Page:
An earnings call with investors highlighted uncertainties surrounding Hawaii’s electric utility and its parent following the Maui wildfires.

Hawaiian Electric Industries and its utility subsidiaries have substantial amounts of borrowed cash to cover expenses for the foreseeable future, company executives told investors on Thursday.

But numerous questions remain unanswered, including the amount of potential liability the company faces from dozens of lawsuits related to the Lahaina wildfires.

The plethora of uncertainties in an earnings call were unusual for HEI, a holding company whose main businesses are power utilities with stable customer bases and no competition.

HEI Hawaiian Electric Building3. 1 june 2016
Traditionally a bedrock of Hawaii’s business community, Hawaiian Electric Industries hosted an earnings call on Thursday in which the company left many questions unanswered. (Cory Lum/Civil Beat/2016)

The Hawaiian Electric companies’ biggest challenge until recently has involved the technically thorny work of weaning the state from electricity generated from fossil fuels. Now Hawaiian Electric is dealing with an unprecedented disaster that people are blaming the company for causing.

Scott Seu, president and chief executive of Hawaiian Electric Industries, kicked off the presentation acknowledging the unusual nature of the call, saying “our discussion today will be different from our usual earnings calls.”

“The tragedy is still fresh for us,” Seu said of the Lahaina fires. “The scale of the loss is difficult for our hearts and minds to process.”

Also apparently difficult to process was the information required in quarterly reports to securities regulators. Normally issued alongside the earnings call, this quarter’s 10-Q won’t come out until early next week, Seu said.

Earnings guidance for the rest of 2023 is also suspended. The company said it will “periodically revisit ability to provide guidance as we move forward.”

Hawaiian Electric President and CEO Shelee Kimura, shown here testifying during a congressional hearing on the Maui wildfires, could not say when the company will file an incident report with the Hawaii Public Utilities Commission (Nick Grube/Civil Beat/2023)

Executives also wouldn’t say when the company will file an incident report with the Hawaii Public Utilities Commission. 

“I don’t have a timing on that,” Hawaiian Electric utility chief executive, Shelee Kimura, said. “That work is still ongoing. That’s about all I can say right now.”

Also unclear was the amount of money the company will spend on making its grid more resilient. Paul Ito, Hawaiian Electric’s chief financial officer, said such investments would increase, but declined to say by how much.

“We will be prioritizing wildfire related type investments and we think it’s the right thing to do,” he said. “We’ve been doing it, but we’re just going to start accelerating that program.”

What executives did say is that Hawaiian Electric has plenty of cash on hand, even though it spent $27.6 million on fire-related expenses in the weeks after the fire, including $10.8 million in legal expenses, for the three months ended Sept. 30. 

As of the end of September, the parent Hawaiian Electric Industries and its utility subsidiaries had $402 million in cash on hand, which HEI’s Chief Financial Officer Scott DeGhetto called a “significant liquidity runway.”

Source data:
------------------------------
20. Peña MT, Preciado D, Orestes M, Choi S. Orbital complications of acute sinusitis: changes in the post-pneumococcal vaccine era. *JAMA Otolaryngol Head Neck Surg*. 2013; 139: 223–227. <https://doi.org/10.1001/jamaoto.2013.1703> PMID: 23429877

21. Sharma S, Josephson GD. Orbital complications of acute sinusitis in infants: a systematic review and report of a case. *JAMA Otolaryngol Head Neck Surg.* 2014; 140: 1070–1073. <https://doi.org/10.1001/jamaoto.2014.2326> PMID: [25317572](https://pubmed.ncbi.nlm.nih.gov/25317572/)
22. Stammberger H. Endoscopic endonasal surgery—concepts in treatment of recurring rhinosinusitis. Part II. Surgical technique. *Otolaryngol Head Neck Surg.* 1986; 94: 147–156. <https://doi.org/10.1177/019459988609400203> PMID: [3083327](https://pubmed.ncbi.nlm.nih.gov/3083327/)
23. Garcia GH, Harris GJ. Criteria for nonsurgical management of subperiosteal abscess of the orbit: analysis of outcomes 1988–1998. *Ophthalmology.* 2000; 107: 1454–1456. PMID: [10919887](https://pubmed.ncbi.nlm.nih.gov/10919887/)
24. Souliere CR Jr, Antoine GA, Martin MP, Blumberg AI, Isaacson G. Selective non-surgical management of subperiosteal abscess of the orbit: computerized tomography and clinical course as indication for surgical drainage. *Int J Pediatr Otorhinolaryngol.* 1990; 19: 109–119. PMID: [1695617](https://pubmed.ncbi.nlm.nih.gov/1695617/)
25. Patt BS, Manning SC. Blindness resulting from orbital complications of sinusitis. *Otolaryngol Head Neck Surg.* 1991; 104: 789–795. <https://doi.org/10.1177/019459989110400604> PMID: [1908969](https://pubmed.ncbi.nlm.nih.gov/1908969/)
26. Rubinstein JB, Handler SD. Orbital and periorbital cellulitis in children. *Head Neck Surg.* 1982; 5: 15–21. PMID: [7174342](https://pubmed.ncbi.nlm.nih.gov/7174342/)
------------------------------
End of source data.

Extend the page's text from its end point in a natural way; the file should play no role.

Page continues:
The sources of the money included $370 million raised by drawing down revolving credit lines and $40 million from suspending its dividend paid to shareholders. Asked how long the money will last, DeGhetto said simply that the company has a “good level of runway at this time.”

Asked whether HEI might consider selling its American Savings Bank or Pacific Current subsidiaries to raise more cash, DeGhetto said, “At this point, we just are not going to speculate on any of those potential options.”

Scott Seu, president and chief executive of Hawaiian Electric Industries, said he couldn’t quantify the amount of liability the Hawaiian Electric companies face from some 65 lawsuits related to the Maui wildfires because the suits don’t specify alleged damages. (Nathan Eagle/Civil Beat/2017)

The conference call came as Hawaiian Electric faces a morass of lawsuits related to the wildfires, including complaints that the utility started the blazes, which killed at least 99, destroyed thousands of structures and caused more than $5 billion in property damage. Hawaiian Electric shares have plummeted since the fires, and its bond rating has been slashed. 

Executives on Thursday quantified the staggering scale of litigation facing the companies, pegging the number of complaints at 65. But executives could not say what this means in terms of potential liability because the suits don’t specify damages, Seu said.

Seu attributed the delay in HEI’s 10-Q filing to recent developments involving a $150 million fund for fire victims. Families of those who died or were seriously injured in the Maui fires will be able to receive more than $1 million if they choose not to pursue wrongful death claims in court, Gov. Josh Green said Wednesday, unveiling a coalition between the state, Hawaiian Electric, Kamehameha Schools and Maui County to compensate victims.

Hawaiian Electric has agreed to put in $75 million from some $165 million in liability insurance coverage it has. 

Asked whether there was a deadline for people to apply to participate in the fund, Seu said, “The details are still being worked on that.” 

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